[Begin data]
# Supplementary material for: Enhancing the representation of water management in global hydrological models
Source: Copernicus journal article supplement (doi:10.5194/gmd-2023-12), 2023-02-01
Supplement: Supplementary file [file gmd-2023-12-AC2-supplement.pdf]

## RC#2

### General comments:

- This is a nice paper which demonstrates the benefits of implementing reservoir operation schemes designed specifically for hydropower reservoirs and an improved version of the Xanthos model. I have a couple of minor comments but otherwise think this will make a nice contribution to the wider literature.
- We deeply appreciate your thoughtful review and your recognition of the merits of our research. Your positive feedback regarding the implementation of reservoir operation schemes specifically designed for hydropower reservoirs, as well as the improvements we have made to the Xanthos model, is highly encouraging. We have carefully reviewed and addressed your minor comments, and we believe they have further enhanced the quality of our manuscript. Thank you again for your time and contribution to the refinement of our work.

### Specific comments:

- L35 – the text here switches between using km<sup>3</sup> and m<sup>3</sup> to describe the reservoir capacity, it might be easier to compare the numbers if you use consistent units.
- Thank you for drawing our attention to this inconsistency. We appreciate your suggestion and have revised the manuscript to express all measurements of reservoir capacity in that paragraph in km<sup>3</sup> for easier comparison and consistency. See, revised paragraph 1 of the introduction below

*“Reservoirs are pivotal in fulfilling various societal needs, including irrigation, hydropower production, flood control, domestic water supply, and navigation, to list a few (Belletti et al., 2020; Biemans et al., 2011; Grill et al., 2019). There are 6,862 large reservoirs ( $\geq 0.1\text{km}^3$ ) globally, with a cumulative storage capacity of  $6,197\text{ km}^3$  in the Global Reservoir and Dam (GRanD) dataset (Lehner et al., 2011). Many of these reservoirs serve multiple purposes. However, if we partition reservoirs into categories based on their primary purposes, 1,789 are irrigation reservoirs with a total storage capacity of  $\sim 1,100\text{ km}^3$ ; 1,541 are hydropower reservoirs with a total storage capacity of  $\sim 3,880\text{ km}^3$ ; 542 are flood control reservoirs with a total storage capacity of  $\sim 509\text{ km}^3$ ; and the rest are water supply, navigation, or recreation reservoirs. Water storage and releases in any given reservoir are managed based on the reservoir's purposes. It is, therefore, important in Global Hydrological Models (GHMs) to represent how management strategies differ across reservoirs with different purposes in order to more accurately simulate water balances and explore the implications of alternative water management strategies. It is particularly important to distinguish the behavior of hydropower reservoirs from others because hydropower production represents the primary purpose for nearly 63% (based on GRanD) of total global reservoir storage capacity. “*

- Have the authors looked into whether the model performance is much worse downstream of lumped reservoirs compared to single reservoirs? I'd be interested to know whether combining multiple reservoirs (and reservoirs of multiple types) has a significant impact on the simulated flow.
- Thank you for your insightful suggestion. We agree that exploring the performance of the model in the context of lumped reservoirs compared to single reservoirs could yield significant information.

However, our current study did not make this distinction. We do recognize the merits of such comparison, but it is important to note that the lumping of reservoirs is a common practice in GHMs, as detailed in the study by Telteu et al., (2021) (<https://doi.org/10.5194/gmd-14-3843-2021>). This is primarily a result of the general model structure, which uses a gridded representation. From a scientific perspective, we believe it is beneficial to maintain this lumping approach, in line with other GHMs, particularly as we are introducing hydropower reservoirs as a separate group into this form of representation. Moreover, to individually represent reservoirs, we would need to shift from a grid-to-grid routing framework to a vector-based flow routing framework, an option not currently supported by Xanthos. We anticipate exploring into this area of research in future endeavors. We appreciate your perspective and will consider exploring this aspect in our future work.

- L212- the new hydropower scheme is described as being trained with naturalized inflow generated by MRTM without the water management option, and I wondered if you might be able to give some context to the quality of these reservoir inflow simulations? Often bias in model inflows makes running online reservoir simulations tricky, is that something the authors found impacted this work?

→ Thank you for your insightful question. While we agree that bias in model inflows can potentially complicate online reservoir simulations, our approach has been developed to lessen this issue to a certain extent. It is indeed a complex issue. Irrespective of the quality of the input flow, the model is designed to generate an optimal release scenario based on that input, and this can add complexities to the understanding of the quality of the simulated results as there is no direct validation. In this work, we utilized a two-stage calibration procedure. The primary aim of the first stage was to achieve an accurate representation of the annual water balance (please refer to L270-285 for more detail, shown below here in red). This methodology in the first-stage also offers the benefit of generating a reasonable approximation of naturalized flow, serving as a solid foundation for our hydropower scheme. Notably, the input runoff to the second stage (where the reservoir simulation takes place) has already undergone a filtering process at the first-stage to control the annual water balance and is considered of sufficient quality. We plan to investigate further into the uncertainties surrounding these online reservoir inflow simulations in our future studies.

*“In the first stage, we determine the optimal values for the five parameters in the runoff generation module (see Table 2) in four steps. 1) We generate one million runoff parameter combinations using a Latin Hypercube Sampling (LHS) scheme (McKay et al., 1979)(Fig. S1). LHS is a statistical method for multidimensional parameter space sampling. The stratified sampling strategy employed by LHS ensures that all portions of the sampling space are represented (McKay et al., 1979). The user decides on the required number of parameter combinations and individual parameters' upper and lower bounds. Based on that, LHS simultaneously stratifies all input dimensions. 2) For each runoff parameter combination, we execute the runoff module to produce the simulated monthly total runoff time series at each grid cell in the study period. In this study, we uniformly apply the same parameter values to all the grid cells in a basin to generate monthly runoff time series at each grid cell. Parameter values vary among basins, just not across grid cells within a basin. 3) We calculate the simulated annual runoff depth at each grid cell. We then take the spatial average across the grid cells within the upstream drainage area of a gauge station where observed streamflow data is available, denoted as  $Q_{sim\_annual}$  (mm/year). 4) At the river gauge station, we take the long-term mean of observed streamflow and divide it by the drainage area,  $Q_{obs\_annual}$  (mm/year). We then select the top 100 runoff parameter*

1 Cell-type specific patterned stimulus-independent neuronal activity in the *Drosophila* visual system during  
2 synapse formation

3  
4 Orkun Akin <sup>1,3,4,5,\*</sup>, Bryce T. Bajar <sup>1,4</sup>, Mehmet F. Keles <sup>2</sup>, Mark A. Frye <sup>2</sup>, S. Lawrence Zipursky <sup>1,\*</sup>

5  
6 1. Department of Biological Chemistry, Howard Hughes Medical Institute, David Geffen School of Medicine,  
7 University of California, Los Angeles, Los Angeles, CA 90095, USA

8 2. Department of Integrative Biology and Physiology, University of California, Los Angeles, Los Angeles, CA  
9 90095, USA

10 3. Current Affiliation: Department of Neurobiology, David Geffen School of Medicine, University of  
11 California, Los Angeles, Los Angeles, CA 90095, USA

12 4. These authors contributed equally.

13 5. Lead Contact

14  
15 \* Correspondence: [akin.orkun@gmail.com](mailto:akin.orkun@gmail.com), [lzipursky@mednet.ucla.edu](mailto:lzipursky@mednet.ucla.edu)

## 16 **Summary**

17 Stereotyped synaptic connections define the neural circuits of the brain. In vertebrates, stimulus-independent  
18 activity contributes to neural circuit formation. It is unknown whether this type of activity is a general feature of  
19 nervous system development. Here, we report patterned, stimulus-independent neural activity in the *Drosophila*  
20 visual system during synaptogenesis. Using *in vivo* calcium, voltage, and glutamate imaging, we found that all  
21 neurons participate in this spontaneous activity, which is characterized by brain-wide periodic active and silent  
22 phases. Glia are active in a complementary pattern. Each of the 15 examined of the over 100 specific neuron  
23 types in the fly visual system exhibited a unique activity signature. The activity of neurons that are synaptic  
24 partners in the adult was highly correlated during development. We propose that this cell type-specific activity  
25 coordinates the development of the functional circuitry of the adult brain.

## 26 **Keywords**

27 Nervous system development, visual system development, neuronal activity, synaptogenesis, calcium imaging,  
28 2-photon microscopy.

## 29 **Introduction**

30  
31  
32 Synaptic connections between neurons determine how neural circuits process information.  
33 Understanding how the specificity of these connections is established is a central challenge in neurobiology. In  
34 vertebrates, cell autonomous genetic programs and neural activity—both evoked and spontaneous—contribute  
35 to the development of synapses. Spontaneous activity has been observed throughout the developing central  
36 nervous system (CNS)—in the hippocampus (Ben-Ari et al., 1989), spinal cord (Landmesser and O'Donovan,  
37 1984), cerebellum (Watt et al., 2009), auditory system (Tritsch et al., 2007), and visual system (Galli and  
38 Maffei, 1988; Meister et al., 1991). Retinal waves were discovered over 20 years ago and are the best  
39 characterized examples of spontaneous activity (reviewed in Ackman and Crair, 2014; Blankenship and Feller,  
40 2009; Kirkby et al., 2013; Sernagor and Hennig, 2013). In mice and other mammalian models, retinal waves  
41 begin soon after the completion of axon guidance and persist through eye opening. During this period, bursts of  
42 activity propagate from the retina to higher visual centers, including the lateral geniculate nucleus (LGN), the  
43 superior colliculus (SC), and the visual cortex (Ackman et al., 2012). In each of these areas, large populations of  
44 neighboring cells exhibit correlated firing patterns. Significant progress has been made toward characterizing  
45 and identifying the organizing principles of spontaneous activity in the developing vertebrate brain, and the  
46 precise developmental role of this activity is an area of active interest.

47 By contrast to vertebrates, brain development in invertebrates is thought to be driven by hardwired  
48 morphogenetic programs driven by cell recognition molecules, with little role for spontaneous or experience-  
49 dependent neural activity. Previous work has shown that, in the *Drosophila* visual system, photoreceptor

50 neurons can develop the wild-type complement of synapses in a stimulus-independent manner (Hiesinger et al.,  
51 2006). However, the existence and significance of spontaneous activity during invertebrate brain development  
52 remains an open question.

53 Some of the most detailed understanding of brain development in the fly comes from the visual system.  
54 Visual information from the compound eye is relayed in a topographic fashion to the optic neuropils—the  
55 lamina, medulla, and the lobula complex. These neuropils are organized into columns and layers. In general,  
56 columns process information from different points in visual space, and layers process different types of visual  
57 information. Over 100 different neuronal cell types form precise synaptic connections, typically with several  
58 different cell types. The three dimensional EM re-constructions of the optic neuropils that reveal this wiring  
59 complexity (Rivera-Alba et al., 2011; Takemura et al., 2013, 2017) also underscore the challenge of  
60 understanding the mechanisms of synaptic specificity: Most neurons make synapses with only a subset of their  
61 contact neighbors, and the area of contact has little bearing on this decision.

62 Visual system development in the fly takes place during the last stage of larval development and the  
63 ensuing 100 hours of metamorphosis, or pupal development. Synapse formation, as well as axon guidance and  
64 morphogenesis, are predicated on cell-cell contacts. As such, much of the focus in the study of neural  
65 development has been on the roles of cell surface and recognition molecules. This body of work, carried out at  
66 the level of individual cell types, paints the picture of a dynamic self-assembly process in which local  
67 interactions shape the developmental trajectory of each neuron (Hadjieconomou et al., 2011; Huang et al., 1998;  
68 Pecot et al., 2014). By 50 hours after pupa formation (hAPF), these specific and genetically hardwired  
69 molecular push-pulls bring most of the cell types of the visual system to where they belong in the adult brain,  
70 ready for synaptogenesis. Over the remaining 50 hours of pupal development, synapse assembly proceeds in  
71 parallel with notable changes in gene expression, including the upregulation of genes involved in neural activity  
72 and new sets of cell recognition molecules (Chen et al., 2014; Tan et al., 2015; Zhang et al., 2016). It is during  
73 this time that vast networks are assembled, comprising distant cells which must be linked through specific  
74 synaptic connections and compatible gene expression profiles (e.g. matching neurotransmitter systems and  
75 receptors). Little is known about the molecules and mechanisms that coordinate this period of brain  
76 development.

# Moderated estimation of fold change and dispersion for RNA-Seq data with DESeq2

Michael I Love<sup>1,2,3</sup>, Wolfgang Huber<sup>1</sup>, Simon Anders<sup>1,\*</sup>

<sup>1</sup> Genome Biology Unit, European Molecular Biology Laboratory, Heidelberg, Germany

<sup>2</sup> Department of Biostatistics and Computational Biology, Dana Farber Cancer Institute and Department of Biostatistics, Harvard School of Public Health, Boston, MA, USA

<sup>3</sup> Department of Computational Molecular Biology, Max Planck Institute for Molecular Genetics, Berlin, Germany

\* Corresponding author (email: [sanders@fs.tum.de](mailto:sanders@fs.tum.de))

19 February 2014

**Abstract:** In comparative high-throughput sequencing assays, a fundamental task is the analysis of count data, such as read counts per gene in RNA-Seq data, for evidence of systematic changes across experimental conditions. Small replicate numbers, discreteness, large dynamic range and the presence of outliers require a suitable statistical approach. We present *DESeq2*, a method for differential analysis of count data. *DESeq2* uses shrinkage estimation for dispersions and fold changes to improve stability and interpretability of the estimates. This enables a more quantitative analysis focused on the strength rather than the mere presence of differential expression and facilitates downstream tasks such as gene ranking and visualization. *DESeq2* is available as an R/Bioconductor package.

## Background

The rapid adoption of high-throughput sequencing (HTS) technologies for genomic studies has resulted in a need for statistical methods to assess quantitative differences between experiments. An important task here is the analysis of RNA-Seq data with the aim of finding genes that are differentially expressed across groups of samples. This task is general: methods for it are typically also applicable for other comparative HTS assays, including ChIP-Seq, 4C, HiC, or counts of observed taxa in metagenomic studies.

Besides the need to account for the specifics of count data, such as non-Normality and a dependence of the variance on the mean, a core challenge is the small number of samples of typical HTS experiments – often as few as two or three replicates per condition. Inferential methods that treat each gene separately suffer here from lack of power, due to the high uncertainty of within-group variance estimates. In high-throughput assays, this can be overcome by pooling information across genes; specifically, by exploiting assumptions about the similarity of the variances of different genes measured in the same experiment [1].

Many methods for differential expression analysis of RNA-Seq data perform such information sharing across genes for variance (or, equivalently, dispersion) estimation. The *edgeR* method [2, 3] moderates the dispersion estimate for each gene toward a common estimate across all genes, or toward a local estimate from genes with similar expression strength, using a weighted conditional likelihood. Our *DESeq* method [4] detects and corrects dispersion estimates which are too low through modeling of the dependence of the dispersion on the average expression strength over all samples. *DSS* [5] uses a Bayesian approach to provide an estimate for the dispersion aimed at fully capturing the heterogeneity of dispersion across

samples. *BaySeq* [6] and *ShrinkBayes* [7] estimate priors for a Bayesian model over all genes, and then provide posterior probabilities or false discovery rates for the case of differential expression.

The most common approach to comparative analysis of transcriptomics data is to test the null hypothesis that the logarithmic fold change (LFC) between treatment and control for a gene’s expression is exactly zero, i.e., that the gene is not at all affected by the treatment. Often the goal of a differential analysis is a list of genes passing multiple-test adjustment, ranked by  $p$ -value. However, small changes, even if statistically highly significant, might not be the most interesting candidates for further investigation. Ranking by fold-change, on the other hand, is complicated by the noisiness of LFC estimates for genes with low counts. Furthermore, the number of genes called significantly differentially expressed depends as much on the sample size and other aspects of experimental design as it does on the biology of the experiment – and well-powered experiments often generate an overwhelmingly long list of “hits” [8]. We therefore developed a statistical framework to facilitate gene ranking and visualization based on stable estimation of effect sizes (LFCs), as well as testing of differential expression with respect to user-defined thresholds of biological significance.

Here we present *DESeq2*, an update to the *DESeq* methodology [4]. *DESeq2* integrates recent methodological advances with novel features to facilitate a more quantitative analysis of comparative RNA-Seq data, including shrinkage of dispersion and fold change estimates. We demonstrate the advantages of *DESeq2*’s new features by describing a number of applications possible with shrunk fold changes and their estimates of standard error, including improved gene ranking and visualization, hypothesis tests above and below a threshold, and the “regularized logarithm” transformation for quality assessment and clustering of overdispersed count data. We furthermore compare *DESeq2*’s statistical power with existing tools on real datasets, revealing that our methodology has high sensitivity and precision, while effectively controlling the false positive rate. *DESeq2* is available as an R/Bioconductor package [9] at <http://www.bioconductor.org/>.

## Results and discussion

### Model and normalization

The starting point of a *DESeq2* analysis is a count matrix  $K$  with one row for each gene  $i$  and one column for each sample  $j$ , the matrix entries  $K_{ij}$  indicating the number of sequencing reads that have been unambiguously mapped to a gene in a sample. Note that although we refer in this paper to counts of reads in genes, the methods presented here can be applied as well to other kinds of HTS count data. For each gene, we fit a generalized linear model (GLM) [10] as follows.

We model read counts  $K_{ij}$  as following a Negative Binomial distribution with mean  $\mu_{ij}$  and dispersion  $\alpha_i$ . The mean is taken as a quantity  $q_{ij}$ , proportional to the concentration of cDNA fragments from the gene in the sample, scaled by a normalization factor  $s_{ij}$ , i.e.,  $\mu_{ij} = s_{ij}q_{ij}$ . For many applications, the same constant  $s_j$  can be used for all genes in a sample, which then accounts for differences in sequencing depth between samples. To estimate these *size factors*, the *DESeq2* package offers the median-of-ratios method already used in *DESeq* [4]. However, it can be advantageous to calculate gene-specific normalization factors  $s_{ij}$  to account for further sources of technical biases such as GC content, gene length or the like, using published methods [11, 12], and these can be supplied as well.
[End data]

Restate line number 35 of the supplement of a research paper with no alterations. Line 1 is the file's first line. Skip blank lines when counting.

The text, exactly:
18 activity contributes to neural circuit formation. It is unknown whether this type of activity is a general feature of  